Attacks can come from all angles.
It may be their first time on our leaderboard, but this protocol has priors.
A bZx developer was sent a phishing email to his personal computer with a malicious macro in a Word document that was disguised as a legitimate email attachment, which then ran a script on his Personal Computer. This led to his personal mnemonic wallet phrase being compromised.
Before yesterday's events, the last incident to hit the project was in September 2020, when $8M was taken (and later returned).
Looks like 4th time’s the charm for bZx.
Given their chequered past, when the announcement came yesterday that the “private key controlling the Polygon and BSC deployments was compromised”, the replies were more of exasperation than of shock...
~10 hours after the initial announcement, bZx published an update stating that one of their devs had fallen victim to a phishing attack, stressing that the code itself hadn’t been compromised...
Which was of little comfort for the users who lost their money.
Slowmist have been keeping a running total of funds lost, which at the time of writing is up to ~$55M.
It’s hard to blame the team when the attack is so sneaky. Can bZx recover, or is this their fourth and final fatality?
In place of the more technically advanced exploits that the protocol has faced in the past, this time the root of the issue was a simple phishing attack.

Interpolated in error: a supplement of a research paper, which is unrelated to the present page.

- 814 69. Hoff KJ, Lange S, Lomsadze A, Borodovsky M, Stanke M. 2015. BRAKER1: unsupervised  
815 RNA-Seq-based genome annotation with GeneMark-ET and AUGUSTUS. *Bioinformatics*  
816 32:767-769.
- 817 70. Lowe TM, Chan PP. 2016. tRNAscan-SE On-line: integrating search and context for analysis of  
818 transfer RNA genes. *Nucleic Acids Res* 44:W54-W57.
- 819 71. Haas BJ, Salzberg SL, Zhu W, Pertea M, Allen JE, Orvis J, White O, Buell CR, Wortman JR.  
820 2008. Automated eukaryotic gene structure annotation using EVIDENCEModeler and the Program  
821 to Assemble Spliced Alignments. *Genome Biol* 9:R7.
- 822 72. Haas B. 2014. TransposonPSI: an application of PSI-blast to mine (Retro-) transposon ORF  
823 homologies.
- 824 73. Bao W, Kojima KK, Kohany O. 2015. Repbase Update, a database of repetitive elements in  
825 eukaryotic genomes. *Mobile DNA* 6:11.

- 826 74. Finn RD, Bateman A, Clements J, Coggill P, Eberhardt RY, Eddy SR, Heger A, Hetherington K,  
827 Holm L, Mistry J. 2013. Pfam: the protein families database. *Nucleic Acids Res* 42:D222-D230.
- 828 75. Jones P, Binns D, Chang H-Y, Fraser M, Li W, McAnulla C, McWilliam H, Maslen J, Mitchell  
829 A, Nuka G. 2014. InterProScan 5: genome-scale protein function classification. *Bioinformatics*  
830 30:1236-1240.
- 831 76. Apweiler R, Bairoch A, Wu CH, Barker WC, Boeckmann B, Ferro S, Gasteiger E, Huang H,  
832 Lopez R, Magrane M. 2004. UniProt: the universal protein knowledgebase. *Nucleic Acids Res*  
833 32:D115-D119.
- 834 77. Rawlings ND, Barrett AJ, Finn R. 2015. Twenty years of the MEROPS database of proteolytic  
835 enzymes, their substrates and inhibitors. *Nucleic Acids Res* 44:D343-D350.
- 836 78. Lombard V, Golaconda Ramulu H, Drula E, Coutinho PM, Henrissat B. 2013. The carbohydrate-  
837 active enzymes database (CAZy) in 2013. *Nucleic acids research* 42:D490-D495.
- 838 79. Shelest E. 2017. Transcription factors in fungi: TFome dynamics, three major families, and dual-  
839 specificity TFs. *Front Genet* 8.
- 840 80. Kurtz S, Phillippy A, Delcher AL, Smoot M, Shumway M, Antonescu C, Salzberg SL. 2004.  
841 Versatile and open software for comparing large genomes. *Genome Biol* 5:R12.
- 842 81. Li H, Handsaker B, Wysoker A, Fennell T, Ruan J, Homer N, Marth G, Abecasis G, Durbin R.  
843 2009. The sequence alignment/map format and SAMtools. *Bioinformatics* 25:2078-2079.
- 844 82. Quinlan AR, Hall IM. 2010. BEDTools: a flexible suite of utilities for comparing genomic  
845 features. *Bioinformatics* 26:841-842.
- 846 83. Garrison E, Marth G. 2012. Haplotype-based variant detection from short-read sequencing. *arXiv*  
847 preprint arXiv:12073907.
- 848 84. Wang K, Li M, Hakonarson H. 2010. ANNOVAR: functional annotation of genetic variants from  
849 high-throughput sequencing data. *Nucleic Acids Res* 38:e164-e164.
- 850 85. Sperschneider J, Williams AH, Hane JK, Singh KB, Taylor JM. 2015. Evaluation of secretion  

Sometime before the exploit, a bZx dev was sent a phishing email with an attached Word document containing a malicious macro. Opening this document resulted in the dev having the keys to their personal wallet compromised.
But this was not a personal attack. This EOA had control over bZx’s Polygon and BSC deployments.
The hacker was therefore able to gain control of the contracts and drain them of BZRX. The code was then updated to enable the extraction of tokens from any wallet which had granted token approvals to the affected contracts.
Despite bZx’s attempts to convince the community that the damage was contained to just Polygon and BSC, the hacker then sent stolen BZRX to Ethereum to use as collateral and borrow a variety of other assets.
Though the attacker nets less profit this way, they also find a way around the liquidity problem of attempting to dump such a large quantity of BZRX.
bZx state that they have reached out to centralised services, requesting that Circle freeze the stolen USDC, while the funds on Binance as well as USDT were quickly frozen.
The fact that such a large loss of funds can be attributed to such a simple attack vector is hard to believe, especially for a protocol that has experienced more than their fair share of security issues in the past.
Anyone in crypto should be expected to be wary, and devs working on high TVL projects especially so. But human error in this case should never have been able to lead to such an enormous loss.
But does all the blame lie with the protocol?
Losing control of contracts due to their being vulnerable to a single EOA security breach is unimaginable for any responsible project, and there is no room for “incompetence or negligence” when $55M is at stake.
That being said, it takes an especially callous and greedy hacker to go on to drain individual users’ wallets after having extracted millions.
So long rekt readers.
Until next time, bZx...
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